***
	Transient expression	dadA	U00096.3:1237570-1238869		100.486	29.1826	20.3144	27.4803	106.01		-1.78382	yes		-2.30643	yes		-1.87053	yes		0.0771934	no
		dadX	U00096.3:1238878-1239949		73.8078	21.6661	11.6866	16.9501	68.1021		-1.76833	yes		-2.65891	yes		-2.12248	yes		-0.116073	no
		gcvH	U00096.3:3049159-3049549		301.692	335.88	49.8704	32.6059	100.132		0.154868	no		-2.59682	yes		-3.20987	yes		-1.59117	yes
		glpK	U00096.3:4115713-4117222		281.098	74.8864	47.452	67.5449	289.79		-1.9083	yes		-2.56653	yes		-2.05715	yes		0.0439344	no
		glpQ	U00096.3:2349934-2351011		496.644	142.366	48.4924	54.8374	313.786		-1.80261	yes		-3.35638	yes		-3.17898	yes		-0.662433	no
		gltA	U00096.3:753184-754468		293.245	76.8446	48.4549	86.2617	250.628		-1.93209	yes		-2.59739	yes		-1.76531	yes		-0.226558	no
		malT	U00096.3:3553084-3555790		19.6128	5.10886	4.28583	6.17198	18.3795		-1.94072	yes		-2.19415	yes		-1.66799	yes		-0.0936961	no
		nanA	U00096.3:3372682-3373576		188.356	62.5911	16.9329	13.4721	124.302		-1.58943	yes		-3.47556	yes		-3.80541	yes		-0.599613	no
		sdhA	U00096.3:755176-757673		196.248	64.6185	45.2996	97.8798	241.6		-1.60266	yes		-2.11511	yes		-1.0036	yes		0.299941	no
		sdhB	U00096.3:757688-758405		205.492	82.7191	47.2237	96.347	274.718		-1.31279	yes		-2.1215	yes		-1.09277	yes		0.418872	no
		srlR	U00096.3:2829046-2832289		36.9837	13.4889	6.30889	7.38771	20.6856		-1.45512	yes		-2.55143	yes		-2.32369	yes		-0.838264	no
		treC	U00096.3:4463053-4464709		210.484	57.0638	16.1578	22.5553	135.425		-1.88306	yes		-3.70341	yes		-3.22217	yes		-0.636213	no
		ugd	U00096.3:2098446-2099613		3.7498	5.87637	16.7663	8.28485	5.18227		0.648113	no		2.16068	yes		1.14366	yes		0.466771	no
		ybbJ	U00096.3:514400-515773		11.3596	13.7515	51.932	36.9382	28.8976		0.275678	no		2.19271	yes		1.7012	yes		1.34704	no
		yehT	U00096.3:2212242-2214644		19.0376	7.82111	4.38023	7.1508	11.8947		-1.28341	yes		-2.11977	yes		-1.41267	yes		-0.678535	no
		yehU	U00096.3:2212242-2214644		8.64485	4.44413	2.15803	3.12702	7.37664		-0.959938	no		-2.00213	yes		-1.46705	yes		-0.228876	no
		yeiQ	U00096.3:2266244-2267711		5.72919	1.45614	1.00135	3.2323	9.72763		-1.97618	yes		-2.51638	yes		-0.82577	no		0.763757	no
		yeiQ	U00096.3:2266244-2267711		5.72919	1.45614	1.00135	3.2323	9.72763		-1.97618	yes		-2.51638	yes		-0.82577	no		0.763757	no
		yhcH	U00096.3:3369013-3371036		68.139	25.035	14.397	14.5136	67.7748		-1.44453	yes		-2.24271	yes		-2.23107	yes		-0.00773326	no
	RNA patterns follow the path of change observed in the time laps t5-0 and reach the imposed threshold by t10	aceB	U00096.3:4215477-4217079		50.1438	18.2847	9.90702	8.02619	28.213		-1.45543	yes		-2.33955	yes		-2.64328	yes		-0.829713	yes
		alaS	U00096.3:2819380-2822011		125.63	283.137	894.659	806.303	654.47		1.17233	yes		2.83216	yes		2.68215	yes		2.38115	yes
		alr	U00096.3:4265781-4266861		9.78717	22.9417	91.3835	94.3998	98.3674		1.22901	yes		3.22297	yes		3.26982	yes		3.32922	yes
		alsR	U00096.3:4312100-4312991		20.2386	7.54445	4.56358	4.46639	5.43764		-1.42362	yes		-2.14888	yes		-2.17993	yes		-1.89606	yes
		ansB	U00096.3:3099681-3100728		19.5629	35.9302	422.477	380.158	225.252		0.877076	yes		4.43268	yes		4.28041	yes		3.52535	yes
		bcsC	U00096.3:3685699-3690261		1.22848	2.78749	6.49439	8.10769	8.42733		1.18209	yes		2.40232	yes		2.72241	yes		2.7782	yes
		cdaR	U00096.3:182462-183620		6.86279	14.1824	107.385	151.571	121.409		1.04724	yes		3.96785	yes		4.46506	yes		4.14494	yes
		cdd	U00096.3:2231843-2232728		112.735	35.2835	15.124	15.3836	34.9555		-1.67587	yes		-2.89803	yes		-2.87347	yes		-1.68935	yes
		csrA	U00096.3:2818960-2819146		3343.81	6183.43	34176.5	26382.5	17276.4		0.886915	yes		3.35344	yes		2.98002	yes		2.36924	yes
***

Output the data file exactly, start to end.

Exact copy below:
	Transient expression	dadA	U00096.3:1237570-1238869		100.486	29.1826	20.3144	27.4803	106.01		-1.78382	yes		-2.30643	yes		-1.87053	yes		0.0771934	no
		dadX	U00096.3:1238878-1239949		73.8078	21.6661	11.6866	16.9501	68.1021		-1.76833	yes		-2.65891	yes		-2.12248	yes		-0.116073	no
		gcvH	U00096.3:3049159-3049549		301.692	335.88	49.8704	32.6059	100.132		0.154868	no		-2.59682	yes		-3.20987	yes		-1.59117	yes
		glpK	U00096.3:4115713-4117222		281.098	74.8864	47.452	67.5449	289.79		-1.9083	yes		-2.56653	yes		-2.05715	yes		0.0439344	no
		glpQ	U00096.3:2349934-2351011		496.644	142.366	48.4924	54.8374	313.786		-1.80261	yes		-3.35638	yes		-3.17898	yes		-0.662433	no
		gltA	U00096.3:753184-754468		293.245	76.8446	48.4549	86.2617	250.628		-1.93209	yes		-2.59739	yes		-1.76531	yes		-0.226558	no
		malT	U00096.3:3553084-3555790		19.6128	5.10886	4.28583	6.17198	18.3795		-1.94072	yes		-2.19415	yes		-1.66799	yes		-0.0936961	no
		nanA	U00096.3:3372682-3373576		188.356	62.5911	16.9329	13.4721	124.302		-1.58943	yes		-3.47556	yes		-3.80541	yes		-0.599613	no
		sdhA	U00096.3:755176-757673		196.248	64.6185	45.2996	97.8798	241.6		-1.60266	yes		-2.11511	yes		-1.0036	yes		0.299941	no
		sdhB	U00096.3:757688-758405		205.492	82.7191	47.2237	96.347	274.718		-1.31279	yes		-2.1215	yes		-1.09277	yes		0.418872	no
		srlR	U00096.3:2829046-2832289		36.9837	13.4889	6.30889	7.38771	20.6856		-1.45512	yes		-2.55143	yes		-2.32369	yes		-0.838264	no
		treC	U00096.3:4463053-4464709		210.484	57.0638	16.1578	22.5553	135.425		-1.88306	yes		-3.70341	yes		-3.22217	yes		-0.636213	no
		ugd	U00096.3:2098446-2099613		3.7498	5.87637	16.7663	8.28485	5.18227		0.648113	no		2.16068	yes		1.14366	yes		0.466771	no
		ybbJ	U00096.3:514400-515773		11.3596	13.7515	51.932	36.9382	28.8976		0.275678	no		2.19271	yes		1.7012	yes		1.34704	no
		yehT	U00096.3:2212242-2214644		19.0376	7.82111	4.38023	7.1508	11.8947		-1.28341	yes		-2.11977	yes		-1.41267	yes		-0.678535	no
		yehU	U00096.3:2212242-2214644		8.64485	4.44413	2.15803	3.12702	7.37664		-0.959938	no		-2.00213	yes		-1.46705	yes		-0.228876	no
		yeiQ	U00096.3:2266244-2267711		5.72919	1.45614	1.00135	3.2323	9.72763		-1.97618	yes		-2.51638	yes		-0.82577	no		0.763757	no
		yeiQ	U00096.3:2266244-2267711		5.72919	1.45614	1.00135	3.2323	9.72763		-1.97618	yes		-2.51638	yes		-0.82577	no		0.763757	no
		yhcH	U00096.3:3369013-3371036		68.139	25.035	14.397	14.5136	67.7748		-1.44453	yes		-2.24271	yes		-2.23107	yes		-0.00773326	no
	RNA patterns follow the path of change observed in the time laps t5-0 and reach the imposed threshold by t10	aceB	U00096.3:4215477-4217079		50.1438	18.2847	9.90702	8.02619	28.213		-1.45543	yes		-2.33955	yes		-2.64328	yes		-0.829713	yes
		alaS	U00096.3:2819380-2822011		125.63	283.137	894.659	806.303	654.47		1.17233	yes		2.83216	yes		2.68215	yes		2.38115	yes
		alr	U00096.3:4265781-4266861		9.78717	22.9417	91.3835	94.3998	98.3674		1.22901	yes		3.22297	yes		3.26982	yes		3.32922	yes
		alsR	U00096.3:4312100-4312991		20.2386	7.54445	4.56358	4.46639	5.43764		-1.42362	yes		-2.14888	yes		-2.17993	yes		-1.89606	yes
		ansB	U00096.3:3099681-3100728		19.5629	35.9302	422.477	380.158	225.252		0.877076	yes		4.43268	yes		4.28041	yes		3.52535	yes
		bcsC	U00096.3:3685699-3690261		1.22848	2.78749	6.49439	8.10769	8.42733		1.18209	yes		2.40232	yes		2.72241	yes		2.7782	yes
		cdaR	U00096.3:182462-183620		6.86279	14.1824	107.385	151.571	121.409		1.04724	yes		3.96785	yes		4.46506	yes		4.14494	yes
		cdd	U00096.3:2231843-2232728		112.735	35.2835	15.124	15.3836	34.9555		-1.67587	yes		-2.89803	yes		-2.87347	yes		-1.68935	yes
		csrA	U00096.3:2818960-2819146		3343.81	6183.43	34176.5	26382.5	17276.4		0.886915	yes		3.35344	yes		2.98002	yes		2.36924	yes